Review of the book by Steve McIntosh, subtitled ‘The Spiritual Experience of Beauty, Truth and Goodness’.
This is in some ways a very theoretical and philosophical book about spirituality, a bit dry. In other ways it is frustratingly vague, in setting future directions for the evolution of spirituality but not being very specific.
Yet in other ways it is very practical, pointing a clear direction for the development of human consciousness, exploiting the fundamental attractors of truth, beauty and goodness (see Goodness, Truth and Beauty) as a direction, a sort of ‘gravitational attraction’ for consciousness. It is worth reading just for this, building on the work already published in Steve’s earlier book Evolution’s Purpose, reviewed here.Read More »
provides a model of evolution that applies to outer and inner – objective and subjective
thus reconciles science and religion/spirituality, showing how their historical differences came about, and how primitive materialism can be transcended
gives a context for the ‘culture wars’ in the US and elsewhere, and outlines how they can be transcended
explains why areas such as the middle east present such an intransigent problem
gives a story of development of human societies that is convincing and explains why such things as democracy are so difficult to transplant to other parts of the world
gives a philosophy of hope, with a vision of an emerging spirituality and a realistic approach to getting there
shows how the good, the beautiful and the true provide the attractive direction of human development
explains why the so-called, traditional, modern and postmodern elements of society find it so hard to get on, and what is the transcending evolutionary process that can pioneer the way forward
shows how the dialectic is a fundamental part of the evolutionary process
puts evolution at the centre of the story of life, the natural world, the universe and everything
gives the hope that we are on the threshold of a New Enlightenment.
Well there is such a book. It’s all laid out, and more, in Steve McIntosh‘s Evolution’s Purpose.
If you’re familiar with the work of Ken Wilber and Steve’s other books on ‘Integral Philosophy’ you may not need to read it. But this is really great philosophical stuff.
This sort of approach is a fundamental part of the New Renaissance, as I prefer to call it. This book gives an idea of how it could just come about through the conscious development and gradual transcendence of each person from their own starting point – despite those who are just not interested.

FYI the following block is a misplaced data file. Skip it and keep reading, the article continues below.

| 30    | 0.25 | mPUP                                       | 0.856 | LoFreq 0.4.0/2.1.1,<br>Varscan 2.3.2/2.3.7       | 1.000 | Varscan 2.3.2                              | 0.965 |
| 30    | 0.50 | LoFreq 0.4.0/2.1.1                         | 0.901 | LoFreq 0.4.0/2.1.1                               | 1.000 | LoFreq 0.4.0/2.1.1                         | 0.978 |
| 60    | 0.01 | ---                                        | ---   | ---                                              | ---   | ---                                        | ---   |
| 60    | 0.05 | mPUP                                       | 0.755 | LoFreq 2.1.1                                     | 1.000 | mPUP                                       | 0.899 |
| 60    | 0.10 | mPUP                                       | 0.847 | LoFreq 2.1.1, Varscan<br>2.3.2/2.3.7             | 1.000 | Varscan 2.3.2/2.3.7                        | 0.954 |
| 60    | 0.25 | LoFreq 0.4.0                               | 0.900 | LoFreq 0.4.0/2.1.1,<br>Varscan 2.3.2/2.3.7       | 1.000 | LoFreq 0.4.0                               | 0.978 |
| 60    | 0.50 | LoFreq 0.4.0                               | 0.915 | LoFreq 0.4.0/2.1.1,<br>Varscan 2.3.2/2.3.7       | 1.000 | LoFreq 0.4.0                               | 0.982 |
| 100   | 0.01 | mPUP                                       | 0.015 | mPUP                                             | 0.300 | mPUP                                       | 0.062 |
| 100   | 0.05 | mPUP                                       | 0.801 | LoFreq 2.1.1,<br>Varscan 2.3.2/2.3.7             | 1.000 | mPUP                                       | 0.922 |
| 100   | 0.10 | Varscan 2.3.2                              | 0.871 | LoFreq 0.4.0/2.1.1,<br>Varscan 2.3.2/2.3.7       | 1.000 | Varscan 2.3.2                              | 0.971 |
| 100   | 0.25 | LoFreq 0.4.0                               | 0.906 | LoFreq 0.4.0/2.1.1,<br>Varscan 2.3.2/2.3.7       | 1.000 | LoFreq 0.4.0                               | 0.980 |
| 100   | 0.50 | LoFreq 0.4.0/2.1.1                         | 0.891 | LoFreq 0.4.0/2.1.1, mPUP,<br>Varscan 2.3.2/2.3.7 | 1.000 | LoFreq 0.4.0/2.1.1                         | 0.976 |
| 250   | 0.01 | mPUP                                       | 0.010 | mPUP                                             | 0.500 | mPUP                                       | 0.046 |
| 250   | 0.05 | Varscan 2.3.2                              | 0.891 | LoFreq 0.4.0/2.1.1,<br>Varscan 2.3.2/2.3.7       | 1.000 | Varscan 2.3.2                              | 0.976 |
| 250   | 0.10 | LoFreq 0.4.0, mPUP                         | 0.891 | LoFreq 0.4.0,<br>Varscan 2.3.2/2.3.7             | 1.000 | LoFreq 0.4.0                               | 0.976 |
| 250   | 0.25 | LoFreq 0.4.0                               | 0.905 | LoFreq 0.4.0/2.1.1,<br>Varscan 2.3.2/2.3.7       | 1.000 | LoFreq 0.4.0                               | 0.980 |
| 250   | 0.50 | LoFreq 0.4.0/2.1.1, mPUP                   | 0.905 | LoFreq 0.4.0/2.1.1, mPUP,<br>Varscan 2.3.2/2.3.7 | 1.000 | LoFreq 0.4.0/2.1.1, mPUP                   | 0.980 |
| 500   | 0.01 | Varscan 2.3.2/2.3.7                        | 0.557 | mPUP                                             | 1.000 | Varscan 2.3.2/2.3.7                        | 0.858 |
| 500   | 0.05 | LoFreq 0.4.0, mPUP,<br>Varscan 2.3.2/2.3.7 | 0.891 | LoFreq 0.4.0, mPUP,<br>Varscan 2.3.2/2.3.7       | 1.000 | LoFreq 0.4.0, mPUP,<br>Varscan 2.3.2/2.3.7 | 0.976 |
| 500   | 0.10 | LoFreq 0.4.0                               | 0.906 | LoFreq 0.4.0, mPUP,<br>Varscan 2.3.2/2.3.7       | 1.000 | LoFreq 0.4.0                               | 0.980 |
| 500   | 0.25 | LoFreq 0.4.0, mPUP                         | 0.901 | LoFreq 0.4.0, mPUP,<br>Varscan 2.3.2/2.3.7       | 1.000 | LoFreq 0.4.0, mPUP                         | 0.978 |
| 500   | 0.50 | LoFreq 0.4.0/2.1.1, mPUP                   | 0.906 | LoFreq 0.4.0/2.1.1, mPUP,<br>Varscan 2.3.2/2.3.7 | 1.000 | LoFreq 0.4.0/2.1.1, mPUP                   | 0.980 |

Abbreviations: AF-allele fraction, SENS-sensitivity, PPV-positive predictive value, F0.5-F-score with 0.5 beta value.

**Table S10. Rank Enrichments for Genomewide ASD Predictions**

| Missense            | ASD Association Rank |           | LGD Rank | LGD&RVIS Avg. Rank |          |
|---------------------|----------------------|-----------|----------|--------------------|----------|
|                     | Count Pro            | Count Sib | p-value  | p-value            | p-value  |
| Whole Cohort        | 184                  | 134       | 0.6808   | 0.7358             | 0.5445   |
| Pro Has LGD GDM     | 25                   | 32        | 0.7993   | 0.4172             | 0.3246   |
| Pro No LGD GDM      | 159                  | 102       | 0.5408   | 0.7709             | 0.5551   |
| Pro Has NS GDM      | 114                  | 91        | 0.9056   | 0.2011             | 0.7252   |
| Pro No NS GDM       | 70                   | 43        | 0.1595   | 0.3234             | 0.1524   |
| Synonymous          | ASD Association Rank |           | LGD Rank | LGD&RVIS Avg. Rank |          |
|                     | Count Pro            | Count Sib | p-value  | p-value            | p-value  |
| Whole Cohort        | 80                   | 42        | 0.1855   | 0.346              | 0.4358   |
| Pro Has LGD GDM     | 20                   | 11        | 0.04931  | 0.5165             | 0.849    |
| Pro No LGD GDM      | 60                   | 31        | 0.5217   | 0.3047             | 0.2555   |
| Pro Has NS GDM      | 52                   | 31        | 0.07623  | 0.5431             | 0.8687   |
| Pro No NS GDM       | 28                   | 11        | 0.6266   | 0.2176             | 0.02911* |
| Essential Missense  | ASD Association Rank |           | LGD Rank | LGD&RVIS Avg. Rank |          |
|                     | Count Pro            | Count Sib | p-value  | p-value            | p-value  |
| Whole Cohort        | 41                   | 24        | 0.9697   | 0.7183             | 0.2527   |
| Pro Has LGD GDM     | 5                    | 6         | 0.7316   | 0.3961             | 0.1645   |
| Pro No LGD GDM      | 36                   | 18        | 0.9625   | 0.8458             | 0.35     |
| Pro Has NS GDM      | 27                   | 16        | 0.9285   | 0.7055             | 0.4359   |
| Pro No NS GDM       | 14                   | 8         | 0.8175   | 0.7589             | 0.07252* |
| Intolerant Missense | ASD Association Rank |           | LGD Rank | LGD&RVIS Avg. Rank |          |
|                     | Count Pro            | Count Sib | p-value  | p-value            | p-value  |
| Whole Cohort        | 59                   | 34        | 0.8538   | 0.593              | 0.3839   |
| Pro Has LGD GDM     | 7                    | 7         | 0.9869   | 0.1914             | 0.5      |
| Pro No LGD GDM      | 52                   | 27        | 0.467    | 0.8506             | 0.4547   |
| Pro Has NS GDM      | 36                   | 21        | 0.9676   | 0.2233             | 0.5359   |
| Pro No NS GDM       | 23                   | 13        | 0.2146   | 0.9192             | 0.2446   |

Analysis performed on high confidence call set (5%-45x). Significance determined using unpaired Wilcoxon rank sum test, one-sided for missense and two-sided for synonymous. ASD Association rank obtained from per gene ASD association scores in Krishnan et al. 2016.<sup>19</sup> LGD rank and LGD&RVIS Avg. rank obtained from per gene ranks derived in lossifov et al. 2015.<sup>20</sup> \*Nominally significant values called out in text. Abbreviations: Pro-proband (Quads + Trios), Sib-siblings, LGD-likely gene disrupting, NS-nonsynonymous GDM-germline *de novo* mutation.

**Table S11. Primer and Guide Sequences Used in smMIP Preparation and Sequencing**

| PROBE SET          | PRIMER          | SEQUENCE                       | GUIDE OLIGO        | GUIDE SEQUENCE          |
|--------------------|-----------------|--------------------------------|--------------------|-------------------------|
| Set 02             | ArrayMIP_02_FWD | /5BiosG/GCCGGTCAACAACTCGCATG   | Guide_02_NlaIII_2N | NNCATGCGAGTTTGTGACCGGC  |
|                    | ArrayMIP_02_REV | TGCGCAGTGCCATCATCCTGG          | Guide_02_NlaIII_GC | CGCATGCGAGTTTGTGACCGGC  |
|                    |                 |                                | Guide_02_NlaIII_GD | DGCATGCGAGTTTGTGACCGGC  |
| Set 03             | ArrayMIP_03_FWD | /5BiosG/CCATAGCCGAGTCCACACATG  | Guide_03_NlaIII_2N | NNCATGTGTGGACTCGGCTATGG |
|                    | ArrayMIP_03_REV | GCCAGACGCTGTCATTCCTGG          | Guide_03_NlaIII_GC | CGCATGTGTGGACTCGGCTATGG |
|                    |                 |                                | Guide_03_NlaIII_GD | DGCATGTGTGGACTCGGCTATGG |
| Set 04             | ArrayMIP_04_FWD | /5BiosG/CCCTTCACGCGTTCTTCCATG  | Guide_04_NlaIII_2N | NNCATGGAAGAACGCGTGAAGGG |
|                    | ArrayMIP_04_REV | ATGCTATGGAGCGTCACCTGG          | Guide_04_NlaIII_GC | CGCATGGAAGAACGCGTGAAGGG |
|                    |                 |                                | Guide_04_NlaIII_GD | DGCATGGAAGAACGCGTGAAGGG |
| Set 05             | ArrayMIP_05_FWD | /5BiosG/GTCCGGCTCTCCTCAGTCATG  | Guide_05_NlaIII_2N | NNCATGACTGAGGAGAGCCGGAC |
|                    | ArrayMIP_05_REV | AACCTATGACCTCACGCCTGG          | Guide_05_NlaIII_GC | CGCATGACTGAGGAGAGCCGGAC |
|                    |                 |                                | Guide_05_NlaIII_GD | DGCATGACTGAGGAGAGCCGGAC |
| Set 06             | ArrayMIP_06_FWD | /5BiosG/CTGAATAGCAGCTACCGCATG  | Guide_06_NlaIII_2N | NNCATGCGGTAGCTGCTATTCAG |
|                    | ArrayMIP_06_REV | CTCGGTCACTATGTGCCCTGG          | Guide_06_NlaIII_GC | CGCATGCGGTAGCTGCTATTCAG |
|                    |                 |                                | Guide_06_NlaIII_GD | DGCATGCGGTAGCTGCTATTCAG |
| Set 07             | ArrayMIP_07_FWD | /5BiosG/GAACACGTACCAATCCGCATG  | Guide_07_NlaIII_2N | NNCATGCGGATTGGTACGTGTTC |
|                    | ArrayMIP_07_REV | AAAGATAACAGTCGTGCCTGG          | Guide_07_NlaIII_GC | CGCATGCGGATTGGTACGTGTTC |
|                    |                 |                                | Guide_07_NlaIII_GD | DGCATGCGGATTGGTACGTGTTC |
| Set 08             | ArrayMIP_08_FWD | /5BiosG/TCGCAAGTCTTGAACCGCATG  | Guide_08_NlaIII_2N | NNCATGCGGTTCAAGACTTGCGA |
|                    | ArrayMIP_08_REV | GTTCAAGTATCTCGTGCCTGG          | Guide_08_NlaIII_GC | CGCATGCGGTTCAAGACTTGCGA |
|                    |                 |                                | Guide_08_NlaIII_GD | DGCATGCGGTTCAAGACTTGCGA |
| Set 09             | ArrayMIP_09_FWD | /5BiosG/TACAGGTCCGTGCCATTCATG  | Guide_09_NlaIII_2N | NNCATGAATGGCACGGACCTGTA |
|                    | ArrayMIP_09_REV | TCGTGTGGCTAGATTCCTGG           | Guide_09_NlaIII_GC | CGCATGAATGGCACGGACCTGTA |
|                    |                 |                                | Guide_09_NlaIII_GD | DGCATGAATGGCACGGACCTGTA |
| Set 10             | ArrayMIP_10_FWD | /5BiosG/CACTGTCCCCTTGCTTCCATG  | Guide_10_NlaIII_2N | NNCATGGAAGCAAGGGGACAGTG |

When he was (then) my age (now) my dad used to say that, over his working life of fifty years for the same firm, there was one constant. The company was in the process of either centralising or decentralising, and it swung between one and the other. I suspect he was observing a dialectical process.
The dialectic method dates back to ancient Greece and Socrates. Its modern formulation is attributed to Hegel, via the philosophical historian Chalybäus, although the concept has suffered to some degree by its relationship with the thinking of Marx and Engels.
The philosophical dialectic is summarised in the formula ‘thesis-antithesis-synthesis’, the synthesis representing some accomodation and transcending of the polarity between the thesis and antithesis. You might take as an example the Northern Ireland agreement where there is an accomodation between the concepts of United Ireland and Union of the north with Britain.
Evolutionary philosophers such as Ken Wilber and Steve McIntosh see the dialectic as a model of the evolutionary process itself – how life evolves. In the evolution of thesis to antithesis to synthesis, life moves on to higher forms that accomodate and incorporate earlier forms. Each synthesis is the start of a new turn of this spiral, and gradually more complex forms emerge.
Read some of their work if you want to know more about this, eg Evolution’s Purpose by Steve McIntosh.
Featured image is part of a tapestry ‘Dialectic’ by Brussels Manufactory
(Workshop of Jan Leyniers) 1660, via Google Art Project and Wikimedia Commons